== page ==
Landlord Rights

LANDLORD AND TENANT: LANDLORD RIGHTS

The Residential Tenancies Act, 2006 covers all aspects of Landlord-Tenant relationships:

  • the rights and responsibilities of landlords and tenants
  • the procedures of resolving disputes between landlords and tenants through either mediation or adjudication
  • the rules for rent increases in most residential rental units and procedures to enforce these rules
  • the role of the Landlord and Tenant Board

Landlord Rights

Small landlords, in fact, are doing honourable job by providing people with affordable and decent housing. It is a hard work and it seems that a landlord has more responsibilities than rights. Generally, landlords have the following rights:

The right to choose a tenant: A landlord has the right to choose a tenant using income information, credit checks, references, rental history, guarantees, and similar business practices as prescribed in the Ontario Human Rights Code. However, a landlord cannot select or refuse tenants based on race, place of origin, ethnic origin, religion, sex, age, sexual orientation, marital status, family status (e.g. small children) or disability.

The right to collect rent: The main right of any landlord is to collect money – rent – from a tenant for a residential unit where the tenant stays. While a tenant is renting from a landlord, this is the most important landlord’s right. The landlord is entitled to collect rent, in full, on the day that it is due.

The right to collect rent deposit: It cannot be more than one month’s rent, or if rent is paid weekly, one week’s rent. The maximum amount of this deposit is the same as the rent for 1 rental period (for example, 1 month or 1 week). This deposit must be used as the rent payment for the last month or week of your tenancy. It cannot be used for any other reason, such as to pay for damages. A landlord must pay interest on the deposit every year.

The right to increase the rent: A landlord can increase the rent once in a 12-month period. However, a landlord must follow rent increase guidelines. There are special rules that limit how often a landlord can increase the rent and by how much. In most cases, a landlord can increase the rent only once a year by the guideline that is set by the Minister of Municipal Affairs and Housing. A landlord must give a tenant at least 90 days notice in writing of any rent increase and this notice must be on the proper form.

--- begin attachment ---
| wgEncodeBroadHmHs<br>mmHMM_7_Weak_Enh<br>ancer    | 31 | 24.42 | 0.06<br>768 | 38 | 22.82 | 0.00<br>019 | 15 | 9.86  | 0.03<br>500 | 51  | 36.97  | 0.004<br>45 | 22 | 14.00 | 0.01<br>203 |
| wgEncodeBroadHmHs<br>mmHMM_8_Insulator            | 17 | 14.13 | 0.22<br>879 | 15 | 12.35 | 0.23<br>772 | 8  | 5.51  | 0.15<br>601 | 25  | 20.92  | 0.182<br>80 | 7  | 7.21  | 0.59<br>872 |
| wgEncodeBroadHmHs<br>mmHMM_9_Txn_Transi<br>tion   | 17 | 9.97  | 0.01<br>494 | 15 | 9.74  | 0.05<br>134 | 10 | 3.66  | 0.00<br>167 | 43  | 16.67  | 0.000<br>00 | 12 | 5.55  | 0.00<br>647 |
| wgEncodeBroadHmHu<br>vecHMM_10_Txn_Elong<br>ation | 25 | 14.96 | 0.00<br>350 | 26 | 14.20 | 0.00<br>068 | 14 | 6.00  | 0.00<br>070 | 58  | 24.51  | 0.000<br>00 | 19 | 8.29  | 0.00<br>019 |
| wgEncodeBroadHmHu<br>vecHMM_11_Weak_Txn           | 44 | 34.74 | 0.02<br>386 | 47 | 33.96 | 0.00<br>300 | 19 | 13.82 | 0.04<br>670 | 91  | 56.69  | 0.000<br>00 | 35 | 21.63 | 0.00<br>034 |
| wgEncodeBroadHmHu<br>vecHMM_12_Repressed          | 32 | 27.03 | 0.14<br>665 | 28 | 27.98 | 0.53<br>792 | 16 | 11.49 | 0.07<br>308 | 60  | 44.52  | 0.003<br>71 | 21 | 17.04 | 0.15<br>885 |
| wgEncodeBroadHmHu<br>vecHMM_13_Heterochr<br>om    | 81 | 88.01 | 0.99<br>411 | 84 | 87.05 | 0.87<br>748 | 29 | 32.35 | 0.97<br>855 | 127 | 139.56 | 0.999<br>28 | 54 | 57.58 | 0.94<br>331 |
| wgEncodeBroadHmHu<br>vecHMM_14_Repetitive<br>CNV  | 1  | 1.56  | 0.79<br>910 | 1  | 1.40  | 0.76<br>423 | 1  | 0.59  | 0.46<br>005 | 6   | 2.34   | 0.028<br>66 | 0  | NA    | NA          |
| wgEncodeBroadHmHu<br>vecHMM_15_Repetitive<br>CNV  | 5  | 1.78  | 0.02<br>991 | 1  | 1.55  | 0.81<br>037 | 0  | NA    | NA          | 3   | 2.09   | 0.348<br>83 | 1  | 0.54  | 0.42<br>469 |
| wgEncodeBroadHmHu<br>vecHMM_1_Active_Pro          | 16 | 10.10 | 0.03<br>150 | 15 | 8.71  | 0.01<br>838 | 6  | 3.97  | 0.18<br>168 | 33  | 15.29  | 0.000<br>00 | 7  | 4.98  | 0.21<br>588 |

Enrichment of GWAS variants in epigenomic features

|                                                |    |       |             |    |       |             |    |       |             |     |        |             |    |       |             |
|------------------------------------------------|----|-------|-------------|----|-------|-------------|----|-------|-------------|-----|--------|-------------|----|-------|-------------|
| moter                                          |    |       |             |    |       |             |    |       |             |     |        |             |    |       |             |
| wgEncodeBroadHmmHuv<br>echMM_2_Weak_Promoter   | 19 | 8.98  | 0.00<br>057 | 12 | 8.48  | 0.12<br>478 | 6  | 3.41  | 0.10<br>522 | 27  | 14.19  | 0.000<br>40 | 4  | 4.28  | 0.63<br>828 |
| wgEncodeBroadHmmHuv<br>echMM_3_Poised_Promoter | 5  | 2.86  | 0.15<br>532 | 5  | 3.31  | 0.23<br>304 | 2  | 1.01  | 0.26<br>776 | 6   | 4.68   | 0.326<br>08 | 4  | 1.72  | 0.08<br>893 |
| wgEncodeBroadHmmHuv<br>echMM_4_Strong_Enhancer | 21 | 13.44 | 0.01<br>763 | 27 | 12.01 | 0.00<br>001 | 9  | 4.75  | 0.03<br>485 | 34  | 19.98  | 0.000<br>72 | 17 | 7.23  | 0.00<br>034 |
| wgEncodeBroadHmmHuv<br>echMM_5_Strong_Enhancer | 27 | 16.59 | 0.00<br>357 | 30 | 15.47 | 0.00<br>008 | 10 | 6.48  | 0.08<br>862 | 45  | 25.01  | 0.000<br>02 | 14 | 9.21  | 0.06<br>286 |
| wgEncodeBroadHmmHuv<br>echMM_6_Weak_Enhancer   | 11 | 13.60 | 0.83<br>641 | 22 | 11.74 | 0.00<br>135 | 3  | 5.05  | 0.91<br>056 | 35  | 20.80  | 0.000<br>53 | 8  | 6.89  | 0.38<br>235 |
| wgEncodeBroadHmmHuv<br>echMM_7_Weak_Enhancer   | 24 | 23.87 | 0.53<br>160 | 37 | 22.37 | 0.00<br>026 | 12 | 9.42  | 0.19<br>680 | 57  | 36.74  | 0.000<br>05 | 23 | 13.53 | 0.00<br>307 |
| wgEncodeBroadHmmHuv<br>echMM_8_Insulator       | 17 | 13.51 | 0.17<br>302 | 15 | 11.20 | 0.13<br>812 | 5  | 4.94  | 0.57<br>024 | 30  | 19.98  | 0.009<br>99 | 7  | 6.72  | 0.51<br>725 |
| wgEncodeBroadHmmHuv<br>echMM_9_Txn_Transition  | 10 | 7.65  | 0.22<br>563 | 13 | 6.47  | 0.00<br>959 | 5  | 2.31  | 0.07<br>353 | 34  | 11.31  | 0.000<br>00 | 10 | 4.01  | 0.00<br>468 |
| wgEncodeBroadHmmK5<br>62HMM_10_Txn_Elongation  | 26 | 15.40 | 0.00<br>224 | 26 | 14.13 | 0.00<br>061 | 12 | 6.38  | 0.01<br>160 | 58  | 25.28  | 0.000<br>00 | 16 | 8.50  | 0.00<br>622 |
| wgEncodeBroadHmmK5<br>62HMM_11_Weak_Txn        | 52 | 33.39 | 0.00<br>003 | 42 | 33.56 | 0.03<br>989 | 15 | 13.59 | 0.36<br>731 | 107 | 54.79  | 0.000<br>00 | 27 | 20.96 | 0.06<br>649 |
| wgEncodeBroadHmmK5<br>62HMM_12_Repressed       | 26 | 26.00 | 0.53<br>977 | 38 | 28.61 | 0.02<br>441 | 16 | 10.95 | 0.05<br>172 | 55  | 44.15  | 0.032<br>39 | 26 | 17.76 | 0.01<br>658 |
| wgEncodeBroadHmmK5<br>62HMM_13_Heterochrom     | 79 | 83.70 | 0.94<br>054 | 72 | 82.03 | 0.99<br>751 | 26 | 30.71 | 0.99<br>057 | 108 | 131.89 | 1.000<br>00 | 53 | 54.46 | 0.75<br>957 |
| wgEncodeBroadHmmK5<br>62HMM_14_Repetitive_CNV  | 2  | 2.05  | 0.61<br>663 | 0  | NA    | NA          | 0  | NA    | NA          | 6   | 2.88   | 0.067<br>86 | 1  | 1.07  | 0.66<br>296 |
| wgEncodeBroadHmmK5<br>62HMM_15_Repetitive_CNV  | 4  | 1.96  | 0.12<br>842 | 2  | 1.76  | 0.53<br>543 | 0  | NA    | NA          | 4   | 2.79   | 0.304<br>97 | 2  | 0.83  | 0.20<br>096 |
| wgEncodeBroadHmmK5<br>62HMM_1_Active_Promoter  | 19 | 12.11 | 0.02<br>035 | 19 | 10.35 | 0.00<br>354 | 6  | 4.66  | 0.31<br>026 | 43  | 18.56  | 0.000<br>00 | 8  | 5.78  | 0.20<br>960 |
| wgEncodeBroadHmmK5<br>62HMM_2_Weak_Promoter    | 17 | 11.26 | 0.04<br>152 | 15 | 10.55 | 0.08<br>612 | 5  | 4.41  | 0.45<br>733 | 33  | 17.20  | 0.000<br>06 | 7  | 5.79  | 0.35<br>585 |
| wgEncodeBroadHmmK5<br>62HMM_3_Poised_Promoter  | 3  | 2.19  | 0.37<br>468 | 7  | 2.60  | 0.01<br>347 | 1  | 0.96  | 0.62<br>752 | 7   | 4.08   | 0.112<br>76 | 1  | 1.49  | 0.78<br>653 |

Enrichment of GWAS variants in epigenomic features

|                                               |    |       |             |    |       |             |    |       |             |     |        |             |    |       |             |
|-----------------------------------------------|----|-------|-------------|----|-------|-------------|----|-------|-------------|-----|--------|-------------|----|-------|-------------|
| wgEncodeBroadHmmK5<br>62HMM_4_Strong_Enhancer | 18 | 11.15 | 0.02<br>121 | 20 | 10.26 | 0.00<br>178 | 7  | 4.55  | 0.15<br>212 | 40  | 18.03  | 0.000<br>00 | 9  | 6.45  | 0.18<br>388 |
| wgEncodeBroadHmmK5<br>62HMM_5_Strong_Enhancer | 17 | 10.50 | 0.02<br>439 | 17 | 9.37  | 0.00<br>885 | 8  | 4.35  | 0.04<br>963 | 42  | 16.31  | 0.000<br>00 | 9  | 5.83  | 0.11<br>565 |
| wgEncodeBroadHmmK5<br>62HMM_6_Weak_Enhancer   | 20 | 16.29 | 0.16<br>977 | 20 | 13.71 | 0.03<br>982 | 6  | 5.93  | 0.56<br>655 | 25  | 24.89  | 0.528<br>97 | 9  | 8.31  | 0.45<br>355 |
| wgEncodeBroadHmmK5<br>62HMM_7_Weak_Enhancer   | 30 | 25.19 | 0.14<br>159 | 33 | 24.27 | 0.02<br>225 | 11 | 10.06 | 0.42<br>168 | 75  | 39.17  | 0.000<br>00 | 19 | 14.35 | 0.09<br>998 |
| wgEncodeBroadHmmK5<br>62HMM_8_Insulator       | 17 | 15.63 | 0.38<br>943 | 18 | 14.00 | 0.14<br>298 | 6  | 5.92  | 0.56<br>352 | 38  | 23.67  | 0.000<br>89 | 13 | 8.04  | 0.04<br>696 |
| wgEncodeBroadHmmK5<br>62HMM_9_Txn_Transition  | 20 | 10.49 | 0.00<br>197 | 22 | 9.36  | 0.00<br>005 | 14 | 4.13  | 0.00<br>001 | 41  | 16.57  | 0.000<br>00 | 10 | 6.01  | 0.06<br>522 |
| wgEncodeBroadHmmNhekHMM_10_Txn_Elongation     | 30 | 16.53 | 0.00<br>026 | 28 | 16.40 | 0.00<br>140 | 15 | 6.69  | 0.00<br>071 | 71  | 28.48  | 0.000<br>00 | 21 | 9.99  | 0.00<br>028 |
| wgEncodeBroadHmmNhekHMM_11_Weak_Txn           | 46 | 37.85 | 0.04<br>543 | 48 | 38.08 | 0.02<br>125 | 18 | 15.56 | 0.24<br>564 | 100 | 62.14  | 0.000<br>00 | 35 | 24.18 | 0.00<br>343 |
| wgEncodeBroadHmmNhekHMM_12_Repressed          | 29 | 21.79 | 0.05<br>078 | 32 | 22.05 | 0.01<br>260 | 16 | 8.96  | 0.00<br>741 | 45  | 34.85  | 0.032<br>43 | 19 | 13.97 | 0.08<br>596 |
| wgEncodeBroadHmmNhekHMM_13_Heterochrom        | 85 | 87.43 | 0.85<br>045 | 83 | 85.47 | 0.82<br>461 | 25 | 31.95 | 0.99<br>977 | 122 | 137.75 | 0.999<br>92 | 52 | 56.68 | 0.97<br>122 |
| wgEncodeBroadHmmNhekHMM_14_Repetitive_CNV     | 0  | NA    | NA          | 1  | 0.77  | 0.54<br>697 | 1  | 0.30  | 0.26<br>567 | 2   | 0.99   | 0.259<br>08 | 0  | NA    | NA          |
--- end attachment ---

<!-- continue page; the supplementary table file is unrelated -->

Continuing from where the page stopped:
The right to enter the rental unit: A landlord may enter the rental unit in order to complete maintenance or repairs, to show the unit to a potential tenant, or in an emergency. However, the landlord must follow certain entry guidelines.

The right to end tenancy: The Residential Tenancies Act defines the circumstances under which a tenancy may be terminated and establishes specific notice requirements which vary depending on the notice being given. There may be an agreement to end tenancy; notice of tenancy could be terminated before end of the term; or tenancy could be terminated at end of the term. The Act permits a landlord to terminate a tenancy at the end of the rental period or term for specific reasons including:

  • landlord’s own use
  • purchaser’s own use
  • demolition, conversion or repairs

The right to evict a tenant: The Residential Tenancies Act permits a landlord to terminate a tenancy early for several reasons. In some situations, a landlord can evict a tenant. Most provisions for early termination of tenancy provide a tenant the option of avoiding termination by correcting the problem within a specific time frame. If a landlord gives a tenant(s) a notice that he/she wants them to leave, and they do not agree, a landlord have the right to file an application and have a hearing with the Landlord and Tenant Board. If a tenant does not agree with what is in the notice, they do not have to move out of the unit. This means the landlord would be required to apply for an eviction hearing and order through the Landlord and Tenant Board. A landlord may terminate a tenancy early for specific grounds including (but not limited to):

  • non-payment of rent
  • persistent late payments
  • undue damage
  • interference with the reasonable enjoyment or lawful right of the landlord
  • overcrowding
  • impairing safety
  • illegal act

If you are a landlord and think that your rights have been violated, do not wait. Act fast! Do you know that you have to wait minimum 14 days after serving a notice of termination to your tenant prior to filing the application to terminate the tenancy? It can take up to 4 months from the time notice is served, until the Sheriff shows up to enforce the eviction. Often, it is not about money. In most cases, a landlord is happy enough to get the tenant out of their property. As a landlord you should remember, that at Landlord and Tenant Board you will not be provided with any legal advice. Contact CP Paralegal Services as soon as rent is late, and we will prepare the proper notice for you and fight for your rights.

CP Paralegal Services can give you an advice on all residential tenancy matters or represent you at the Ontario Landlord and Tenant Board.

We are licensed by the Law Society of Upper Canada and can ensure you are in compliance with the Residential Tenancies Act.